Australia Sets Net-Zero Goal But Sees Future for Fossil Fuels
(Bloomberg) -- Australia’s Prime Minister finally agreed to a plan to zero out its carbon emissions by 2050, but said he wouldn’t enshrine the target in law, and would continue to rely on fossil fuels and projects designed to offset planet-warming pollution.
Prime Minister Scott Morrison announced the target days before he’s scheduled to head to Europe for G-20 talks and then the COP26 climate summit in Glasgow. It follows a new round of fractious domestic debate on climate policy, an issue that’s riven Australia’s politics for more than a decade and comes after pressure from allies including the U.S. to show more urgency in action to limit global warming.
“We will set a target to achieve net zero by 2050, and have a clear plan for achieving it,” Morrison said in an emailed statement Tuesday. “We won’t be lectured by others who do not understand Australia. The Australian Way is all about how you do it, and not if you do it. It’s about getting it done.”
Despite the headline target, Bill Hare, chief executive officer of Climate Analytics, said Morrison’s plan would only reduce emissions 65% to 73% by 2050. Additional savings delivered through “land sector sequestration & targeted purchases of international offsets” would reach an 85% cut. The plan also heavily relies on technologies such as carbon capture and storage, which would allow Australia to continue burning fossil fuels, but are still too expensive to be rolled out widely, he said.
“Morrison’s plan changes nothing in Australia’s policy settings,” said Hare. “It’s a very glossy and slick advertising move with no substance,” and appears to go along with the government’s current strategy of replacing coal with subsidized natural gas, he said.
The government will stick with its 2030 goals that have been criticized by activists and business leaders alike as too weak, adding to the sense that timid pledges from developed nations are stifling prospects for major progress at the climate talks. His government also refused to put the target into law as other countries have done.
While Australia is the latest in a string of countries to set mid-century net-zero goals, the Paris Agreement is focused on the shorter term. The deal requires countries to set targets for the end of this decade in order to encourage investment in green technologies. The United Nations yesterday said those plans are still too weak and that the world remains on track for 2.7 degrees Celsius of global warming compared to pre-industrial levels.
Meet and Beat
Morrison on Tuesday reiterated that Australia was on track to “meet and beat” its target, forecasting a cut of as much as 35% by 2030 from 2005 levels compared with the official commitment for a 26-28% reduction.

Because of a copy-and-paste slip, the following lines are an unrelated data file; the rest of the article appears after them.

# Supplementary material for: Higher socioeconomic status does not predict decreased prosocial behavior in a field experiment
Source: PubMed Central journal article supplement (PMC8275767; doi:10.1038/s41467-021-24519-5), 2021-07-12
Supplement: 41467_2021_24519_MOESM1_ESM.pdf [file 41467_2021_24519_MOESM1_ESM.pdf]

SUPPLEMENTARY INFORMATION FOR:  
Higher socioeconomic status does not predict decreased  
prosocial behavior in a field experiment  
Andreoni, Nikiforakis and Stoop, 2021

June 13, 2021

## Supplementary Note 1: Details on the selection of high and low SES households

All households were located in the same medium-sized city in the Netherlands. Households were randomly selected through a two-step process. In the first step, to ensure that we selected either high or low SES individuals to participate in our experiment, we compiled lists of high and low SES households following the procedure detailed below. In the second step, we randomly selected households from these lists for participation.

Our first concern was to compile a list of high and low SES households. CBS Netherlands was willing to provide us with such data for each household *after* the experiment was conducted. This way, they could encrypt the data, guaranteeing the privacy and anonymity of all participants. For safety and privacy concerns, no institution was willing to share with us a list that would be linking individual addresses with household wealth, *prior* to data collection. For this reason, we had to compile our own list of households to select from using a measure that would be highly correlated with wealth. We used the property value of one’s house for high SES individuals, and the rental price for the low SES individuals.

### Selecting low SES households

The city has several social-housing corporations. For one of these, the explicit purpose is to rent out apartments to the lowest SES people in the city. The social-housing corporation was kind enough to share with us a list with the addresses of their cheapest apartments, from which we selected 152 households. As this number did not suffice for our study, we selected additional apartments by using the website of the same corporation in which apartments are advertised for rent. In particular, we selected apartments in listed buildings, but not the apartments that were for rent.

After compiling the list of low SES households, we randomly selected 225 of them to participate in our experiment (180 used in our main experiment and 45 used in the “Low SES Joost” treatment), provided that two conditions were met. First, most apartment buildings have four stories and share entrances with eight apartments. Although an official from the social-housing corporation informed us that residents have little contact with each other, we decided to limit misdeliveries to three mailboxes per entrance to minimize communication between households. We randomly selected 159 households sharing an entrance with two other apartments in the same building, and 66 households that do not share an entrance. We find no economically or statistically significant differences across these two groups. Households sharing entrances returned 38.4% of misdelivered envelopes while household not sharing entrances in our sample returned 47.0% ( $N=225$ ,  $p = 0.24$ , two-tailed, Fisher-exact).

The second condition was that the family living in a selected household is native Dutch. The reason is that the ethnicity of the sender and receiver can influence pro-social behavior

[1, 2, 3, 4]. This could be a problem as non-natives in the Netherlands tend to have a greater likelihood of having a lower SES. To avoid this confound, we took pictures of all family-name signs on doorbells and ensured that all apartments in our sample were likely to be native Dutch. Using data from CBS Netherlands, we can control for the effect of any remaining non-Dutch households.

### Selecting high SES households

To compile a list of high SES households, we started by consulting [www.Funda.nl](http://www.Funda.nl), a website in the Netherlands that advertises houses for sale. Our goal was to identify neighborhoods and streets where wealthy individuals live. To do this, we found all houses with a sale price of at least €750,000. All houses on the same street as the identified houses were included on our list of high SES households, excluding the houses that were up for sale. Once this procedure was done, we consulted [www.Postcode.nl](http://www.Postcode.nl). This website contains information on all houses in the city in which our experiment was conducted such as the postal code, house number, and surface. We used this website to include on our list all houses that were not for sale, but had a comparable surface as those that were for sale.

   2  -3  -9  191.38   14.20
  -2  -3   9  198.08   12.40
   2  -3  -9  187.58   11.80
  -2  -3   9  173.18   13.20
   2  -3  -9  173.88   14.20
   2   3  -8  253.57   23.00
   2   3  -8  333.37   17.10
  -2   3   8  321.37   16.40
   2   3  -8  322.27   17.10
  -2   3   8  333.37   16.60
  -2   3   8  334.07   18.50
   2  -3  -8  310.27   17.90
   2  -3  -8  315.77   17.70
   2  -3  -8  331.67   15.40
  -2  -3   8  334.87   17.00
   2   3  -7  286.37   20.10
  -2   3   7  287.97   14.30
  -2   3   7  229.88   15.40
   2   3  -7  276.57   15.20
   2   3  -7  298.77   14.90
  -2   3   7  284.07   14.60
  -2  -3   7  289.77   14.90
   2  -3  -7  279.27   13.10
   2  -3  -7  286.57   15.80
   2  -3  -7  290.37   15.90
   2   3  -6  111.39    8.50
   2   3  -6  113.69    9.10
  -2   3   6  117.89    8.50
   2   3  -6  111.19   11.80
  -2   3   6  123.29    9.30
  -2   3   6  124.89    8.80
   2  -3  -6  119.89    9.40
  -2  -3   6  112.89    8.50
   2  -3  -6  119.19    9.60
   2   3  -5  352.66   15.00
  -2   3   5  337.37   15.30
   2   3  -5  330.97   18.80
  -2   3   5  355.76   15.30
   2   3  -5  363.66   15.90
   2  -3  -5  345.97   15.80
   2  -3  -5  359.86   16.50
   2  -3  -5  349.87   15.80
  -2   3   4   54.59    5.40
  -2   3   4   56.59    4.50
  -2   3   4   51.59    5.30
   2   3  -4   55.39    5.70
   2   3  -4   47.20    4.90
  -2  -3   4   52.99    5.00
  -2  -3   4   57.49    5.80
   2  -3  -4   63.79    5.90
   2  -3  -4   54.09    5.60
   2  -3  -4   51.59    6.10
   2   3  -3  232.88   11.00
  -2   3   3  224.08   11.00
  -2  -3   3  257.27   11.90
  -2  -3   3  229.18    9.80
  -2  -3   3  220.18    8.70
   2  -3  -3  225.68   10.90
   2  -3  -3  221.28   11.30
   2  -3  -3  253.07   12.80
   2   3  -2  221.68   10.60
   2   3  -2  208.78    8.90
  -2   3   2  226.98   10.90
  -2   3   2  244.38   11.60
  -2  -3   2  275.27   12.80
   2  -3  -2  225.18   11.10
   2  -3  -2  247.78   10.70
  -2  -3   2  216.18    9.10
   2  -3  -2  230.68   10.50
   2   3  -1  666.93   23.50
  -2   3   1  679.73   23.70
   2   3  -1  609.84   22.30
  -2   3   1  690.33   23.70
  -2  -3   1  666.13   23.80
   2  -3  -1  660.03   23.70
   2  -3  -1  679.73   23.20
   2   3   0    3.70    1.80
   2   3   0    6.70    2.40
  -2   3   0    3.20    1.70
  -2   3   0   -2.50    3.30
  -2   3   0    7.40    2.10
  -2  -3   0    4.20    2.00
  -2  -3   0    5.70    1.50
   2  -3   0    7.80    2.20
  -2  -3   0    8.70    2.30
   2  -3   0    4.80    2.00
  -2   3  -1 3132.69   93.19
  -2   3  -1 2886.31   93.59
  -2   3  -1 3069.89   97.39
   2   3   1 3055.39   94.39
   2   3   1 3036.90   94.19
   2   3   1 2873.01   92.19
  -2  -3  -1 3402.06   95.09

“Investors are ready to invest billions, not millions, in Australia’s transition to net zero,” Rebecca Mikula-Wright, the chief executive officer of the Investor Group on Climate Change, said in a statement. “Australia not updating its 2030 target in line with commitments under the Paris Agreements is of deep concern to investors.”
Australia is one of the top suppliers of fossil fuels, and the sector accounts for almost a quarter of its export earnings. The nation is being looked at to help show leadership that’ll encourage developing countries to step up their efforts. Saudi Arabia, the biggest oil exporter, on Saturday pledged to a goal to hit net zero by 2060.
Morrison has frequently ruled out taxes for polluters, and backed the country’s top emitters to devise the best solutions to help Australia hit net zero. On Tuesday, he said new coal-fired power stations could still potentially be built under his plan, with the fuel responsible for the bulk of the nation’s electricity generation.
While every Australian state and territory -- and key trading partners China, Japan and South Korea -- have committed to net-zero emissions, a national target was politically complicated for Morrison, who must hold elections by May and trails the main Labor opposition in opinion polls.
Lawmakers within the National Party, the junior member of Australia’s governing coalition, raised concerns over the threat to rural jobs, particularly in coal-mining communities, from an energy transition and demanded a series of concessions in return for their support.
The Australian newspaper reported that the Nationals had received a guarantee that the government would take no action to pursue a methane target. The U.S. and the European Union have been seeking to use COP26 to announce that at least 35 countries joined a global pact to cut methane emissions. Scientists find that reduction of the super-warming pollutant could be the quickest and cheapest way to slow down climate change.
©2021 Bloomberg L.P.